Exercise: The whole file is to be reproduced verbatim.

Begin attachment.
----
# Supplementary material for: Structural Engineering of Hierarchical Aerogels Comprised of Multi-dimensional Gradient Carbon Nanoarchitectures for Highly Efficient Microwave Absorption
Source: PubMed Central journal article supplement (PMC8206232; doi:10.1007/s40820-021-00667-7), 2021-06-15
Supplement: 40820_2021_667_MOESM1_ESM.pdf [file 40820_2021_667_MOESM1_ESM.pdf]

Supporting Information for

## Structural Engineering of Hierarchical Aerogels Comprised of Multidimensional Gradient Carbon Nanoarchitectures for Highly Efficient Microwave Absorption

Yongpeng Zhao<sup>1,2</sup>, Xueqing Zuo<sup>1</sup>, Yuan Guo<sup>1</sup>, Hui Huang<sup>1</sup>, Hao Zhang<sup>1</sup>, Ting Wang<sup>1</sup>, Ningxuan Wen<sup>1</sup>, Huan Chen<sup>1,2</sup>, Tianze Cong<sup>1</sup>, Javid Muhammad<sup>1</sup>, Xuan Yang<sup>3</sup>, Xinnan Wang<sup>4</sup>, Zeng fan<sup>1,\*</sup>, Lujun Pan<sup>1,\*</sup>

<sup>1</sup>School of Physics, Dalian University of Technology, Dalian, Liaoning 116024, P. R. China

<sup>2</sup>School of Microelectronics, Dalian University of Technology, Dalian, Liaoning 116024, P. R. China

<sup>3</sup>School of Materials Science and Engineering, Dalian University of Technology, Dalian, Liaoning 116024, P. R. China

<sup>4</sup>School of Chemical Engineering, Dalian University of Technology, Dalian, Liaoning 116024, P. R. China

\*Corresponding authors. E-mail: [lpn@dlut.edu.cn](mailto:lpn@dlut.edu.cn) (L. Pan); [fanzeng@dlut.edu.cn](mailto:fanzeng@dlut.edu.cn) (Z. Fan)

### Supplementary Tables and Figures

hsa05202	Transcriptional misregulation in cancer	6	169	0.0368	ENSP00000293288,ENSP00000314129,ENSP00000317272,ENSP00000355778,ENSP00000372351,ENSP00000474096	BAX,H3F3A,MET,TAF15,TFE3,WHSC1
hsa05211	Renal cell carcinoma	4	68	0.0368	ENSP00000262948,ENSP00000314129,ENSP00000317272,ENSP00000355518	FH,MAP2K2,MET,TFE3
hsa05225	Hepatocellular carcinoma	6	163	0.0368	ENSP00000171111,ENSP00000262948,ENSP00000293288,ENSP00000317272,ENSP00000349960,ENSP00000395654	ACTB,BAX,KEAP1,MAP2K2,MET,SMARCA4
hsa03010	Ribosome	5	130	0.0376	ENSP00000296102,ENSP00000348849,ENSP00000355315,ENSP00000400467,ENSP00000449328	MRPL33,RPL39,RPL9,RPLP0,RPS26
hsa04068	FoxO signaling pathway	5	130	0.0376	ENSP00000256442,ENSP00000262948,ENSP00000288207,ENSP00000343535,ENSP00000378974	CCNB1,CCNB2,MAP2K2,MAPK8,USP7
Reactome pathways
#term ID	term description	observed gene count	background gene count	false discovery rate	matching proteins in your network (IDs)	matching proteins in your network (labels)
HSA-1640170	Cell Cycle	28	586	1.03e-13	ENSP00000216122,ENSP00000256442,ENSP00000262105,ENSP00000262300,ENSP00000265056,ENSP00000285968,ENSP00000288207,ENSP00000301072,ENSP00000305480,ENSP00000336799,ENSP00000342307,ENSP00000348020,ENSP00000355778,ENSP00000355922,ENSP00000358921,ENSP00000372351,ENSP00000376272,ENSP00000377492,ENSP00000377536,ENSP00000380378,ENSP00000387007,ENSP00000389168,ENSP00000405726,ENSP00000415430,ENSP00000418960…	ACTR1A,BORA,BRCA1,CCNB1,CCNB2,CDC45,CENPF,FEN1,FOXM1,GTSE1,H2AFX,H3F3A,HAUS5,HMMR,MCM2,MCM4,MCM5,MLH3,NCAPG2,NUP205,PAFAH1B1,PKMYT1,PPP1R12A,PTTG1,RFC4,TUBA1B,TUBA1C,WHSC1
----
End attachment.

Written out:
# Supplementary material for: Structural Engineering of Hierarchical Aerogels Comprised of Multi-dimensional Gradient Carbon Nanoarchitectures for Highly Efficient Microwave Absorption
Source: PubMed Central journal article supplement (PMC8206232; doi:10.1007/s40820-021-00667-7), 2021-06-15
Supplement: 40820_2021_667_MOESM1_ESM.pdf [file 40820_2021_667_MOESM1_ESM.pdf]

Supporting Information for

## Structural Engineering of Hierarchical Aerogels Comprised of Multidimensional Gradient Carbon Nanoarchitectures for Highly Efficient Microwave Absorption

Yongpeng Zhao<sup>1,2</sup>, Xueqing Zuo<sup>1</sup>, Yuan Guo<sup>1</sup>, Hui Huang<sup>1</sup>, Hao Zhang<sup>1</sup>, Ting Wang<sup>1</sup>, Ningxuan Wen<sup>1</sup>, Huan Chen<sup>1,2</sup>, Tianze Cong<sup>1</sup>, Javid Muhammad<sup>1</sup>, Xuan Yang<sup>3</sup>, Xinnan Wang<sup>4</sup>, Zeng fan<sup>1,\*</sup>, Lujun Pan<sup>1,\*</sup>

<sup>1</sup>School of Physics, Dalian University of Technology, Dalian, Liaoning 116024, P. R. China

<sup>2</sup>School of Microelectronics, Dalian University of Technology, Dalian, Liaoning 116024, P. R. China

<sup>3</sup>School of Materials Science and Engineering, Dalian University of Technology, Dalian, Liaoning 116024, P. R. China

<sup>4</sup>School of Chemical Engineering, Dalian University of Technology, Dalian, Liaoning 116024, P. R. China

\*Corresponding authors. E-mail: [lpn@dlut.edu.cn](mailto:lpn@dlut.edu.cn) (L. Pan); [fanzeng@dlut.edu.cn](mailto:fanzeng@dlut.edu.cn) (Z. Fan)

### Supplementary Tables and Figures

hsa05202	Transcriptional misregulation in cancer	6	169	0.0368	ENSP00000293288,ENSP00000314129,ENSP00000317272,ENSP00000355778,ENSP00000372351,ENSP00000474096	BAX,H3F3A,MET,TAF15,TFE3,WHSC1
hsa05211	Renal cell carcinoma	4	68	0.0368	ENSP00000262948,ENSP00000314129,ENSP00000317272,ENSP00000355518	FH,MAP2K2,MET,TFE3
hsa05225	Hepatocellular carcinoma	6	163	0.0368	ENSP00000171111,ENSP00000262948,ENSP00000293288,ENSP00000317272,ENSP00000349960,ENSP00000395654	ACTB,BAX,KEAP1,MAP2K2,MET,SMARCA4
hsa03010	Ribosome	5	130	0.0376	ENSP00000296102,ENSP00000348849,ENSP00000355315,ENSP00000400467,ENSP00000449328	MRPL33,RPL39,RPL9,RPLP0,RPS26
hsa04068	FoxO signaling pathway	5	130	0.0376	ENSP00000256442,ENSP00000262948,ENSP00000288207,ENSP00000343535,ENSP00000378974	CCNB1,CCNB2,MAP2K2,MAPK8,USP7
Reactome pathways
#term ID	term description	observed gene count	background gene count	false discovery rate	matching proteins in your network (IDs)	matching proteins in your network (labels)
HSA-1640170	Cell Cycle	28	586	1.03e-13	ENSP00000216122,ENSP00000256442,ENSP00000262105,ENSP00000262300,ENSP00000265056,ENSP00000285968,ENSP00000288207,ENSP00000301072,ENSP00000305480,ENSP00000336799,ENSP00000342307,ENSP00000348020,ENSP00000355778,ENSP00000355922,ENSP00000358921,ENSP00000372351,ENSP00000376272,ENSP00000377492,ENSP00000377536,ENSP00000380378,ENSP00000387007,ENSP00000389168,ENSP00000405726,ENSP00000415430,ENSP00000418960…	ACTR1A,BORA,BRCA1,CCNB1,CCNB2,CDC45,CENPF,FEN1,FOXM1,GTSE1,H2AFX,H3F3A,HAUS5,HMMR,MCM2,MCM4,MCM5,MLH3,NCAPG2,NUP205,PAFAH1B1,PKMYT1,PPP1R12A,PTTG1,RFC4,TUBA1B,TUBA1C,WHSC1